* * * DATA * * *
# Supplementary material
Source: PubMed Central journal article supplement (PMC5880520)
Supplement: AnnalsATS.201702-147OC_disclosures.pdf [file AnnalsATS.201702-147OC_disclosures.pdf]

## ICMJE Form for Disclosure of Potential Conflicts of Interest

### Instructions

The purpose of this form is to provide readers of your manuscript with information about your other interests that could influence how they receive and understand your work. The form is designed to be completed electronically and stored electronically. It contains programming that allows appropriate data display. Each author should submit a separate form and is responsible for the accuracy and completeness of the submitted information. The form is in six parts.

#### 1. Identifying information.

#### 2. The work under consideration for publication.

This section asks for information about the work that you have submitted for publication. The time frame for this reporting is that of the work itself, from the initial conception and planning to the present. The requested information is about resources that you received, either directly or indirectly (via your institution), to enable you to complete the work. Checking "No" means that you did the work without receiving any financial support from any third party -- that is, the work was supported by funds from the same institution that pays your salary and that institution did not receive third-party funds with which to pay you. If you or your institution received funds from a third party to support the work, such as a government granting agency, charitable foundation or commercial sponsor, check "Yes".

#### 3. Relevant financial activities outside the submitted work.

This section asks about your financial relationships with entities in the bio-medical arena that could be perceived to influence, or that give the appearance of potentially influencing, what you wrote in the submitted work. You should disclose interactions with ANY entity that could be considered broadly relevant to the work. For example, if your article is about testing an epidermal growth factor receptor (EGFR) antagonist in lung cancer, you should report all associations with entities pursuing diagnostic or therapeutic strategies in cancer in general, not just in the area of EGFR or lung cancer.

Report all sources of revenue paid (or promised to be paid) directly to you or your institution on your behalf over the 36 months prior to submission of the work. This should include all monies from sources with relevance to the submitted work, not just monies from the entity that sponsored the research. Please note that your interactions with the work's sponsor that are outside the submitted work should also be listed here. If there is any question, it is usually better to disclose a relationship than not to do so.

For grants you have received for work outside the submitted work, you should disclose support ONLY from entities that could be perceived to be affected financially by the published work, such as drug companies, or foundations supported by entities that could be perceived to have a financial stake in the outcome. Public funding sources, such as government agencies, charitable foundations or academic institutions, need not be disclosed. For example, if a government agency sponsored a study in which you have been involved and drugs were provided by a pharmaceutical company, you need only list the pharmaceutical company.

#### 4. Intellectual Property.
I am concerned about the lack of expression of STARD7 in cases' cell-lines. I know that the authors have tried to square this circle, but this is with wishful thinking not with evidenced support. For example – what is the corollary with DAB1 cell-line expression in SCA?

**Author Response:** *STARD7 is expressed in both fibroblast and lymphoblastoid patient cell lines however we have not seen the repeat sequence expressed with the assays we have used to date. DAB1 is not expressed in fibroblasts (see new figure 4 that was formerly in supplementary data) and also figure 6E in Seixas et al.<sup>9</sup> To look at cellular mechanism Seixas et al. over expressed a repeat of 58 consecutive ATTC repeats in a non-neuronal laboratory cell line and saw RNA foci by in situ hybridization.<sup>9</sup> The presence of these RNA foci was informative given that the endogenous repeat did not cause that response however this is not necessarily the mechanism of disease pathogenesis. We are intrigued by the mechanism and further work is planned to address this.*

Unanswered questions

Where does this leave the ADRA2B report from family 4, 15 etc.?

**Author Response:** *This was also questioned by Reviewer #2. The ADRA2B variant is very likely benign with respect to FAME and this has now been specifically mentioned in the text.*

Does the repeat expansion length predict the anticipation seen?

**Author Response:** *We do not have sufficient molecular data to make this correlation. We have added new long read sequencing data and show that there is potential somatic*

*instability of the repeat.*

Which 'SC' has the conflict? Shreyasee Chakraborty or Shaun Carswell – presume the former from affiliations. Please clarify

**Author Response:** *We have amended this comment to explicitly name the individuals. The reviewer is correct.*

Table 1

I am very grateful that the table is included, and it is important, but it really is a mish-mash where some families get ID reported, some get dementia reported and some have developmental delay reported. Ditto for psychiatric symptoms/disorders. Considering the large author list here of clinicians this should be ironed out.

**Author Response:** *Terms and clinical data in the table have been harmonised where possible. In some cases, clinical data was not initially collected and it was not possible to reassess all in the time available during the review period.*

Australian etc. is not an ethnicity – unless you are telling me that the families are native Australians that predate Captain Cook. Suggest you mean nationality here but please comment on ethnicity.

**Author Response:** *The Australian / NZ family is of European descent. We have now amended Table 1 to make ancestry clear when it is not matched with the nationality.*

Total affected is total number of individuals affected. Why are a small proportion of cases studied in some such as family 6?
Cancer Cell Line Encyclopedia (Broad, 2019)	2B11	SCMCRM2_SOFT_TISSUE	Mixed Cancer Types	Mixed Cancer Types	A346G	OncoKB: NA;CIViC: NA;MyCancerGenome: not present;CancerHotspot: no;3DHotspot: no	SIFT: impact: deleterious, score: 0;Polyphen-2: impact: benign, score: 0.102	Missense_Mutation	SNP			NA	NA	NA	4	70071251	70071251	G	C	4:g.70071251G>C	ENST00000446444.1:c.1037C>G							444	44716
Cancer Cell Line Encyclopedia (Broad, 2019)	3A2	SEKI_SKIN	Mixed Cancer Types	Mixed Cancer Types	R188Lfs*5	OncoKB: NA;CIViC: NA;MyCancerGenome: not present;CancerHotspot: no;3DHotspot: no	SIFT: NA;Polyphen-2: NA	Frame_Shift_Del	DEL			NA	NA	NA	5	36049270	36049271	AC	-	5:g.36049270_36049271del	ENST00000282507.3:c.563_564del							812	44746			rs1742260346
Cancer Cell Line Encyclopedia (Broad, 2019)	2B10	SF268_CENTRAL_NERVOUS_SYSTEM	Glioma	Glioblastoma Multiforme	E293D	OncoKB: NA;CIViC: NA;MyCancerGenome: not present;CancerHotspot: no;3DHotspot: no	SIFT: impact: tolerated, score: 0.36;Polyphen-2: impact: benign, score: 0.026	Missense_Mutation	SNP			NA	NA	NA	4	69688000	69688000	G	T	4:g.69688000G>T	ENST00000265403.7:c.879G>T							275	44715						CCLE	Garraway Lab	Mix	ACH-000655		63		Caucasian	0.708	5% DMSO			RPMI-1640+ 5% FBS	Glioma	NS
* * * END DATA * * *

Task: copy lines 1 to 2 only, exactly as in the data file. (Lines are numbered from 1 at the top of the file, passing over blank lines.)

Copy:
# Supplementary material
Source: PubMed Central journal article supplement (PMC5880520)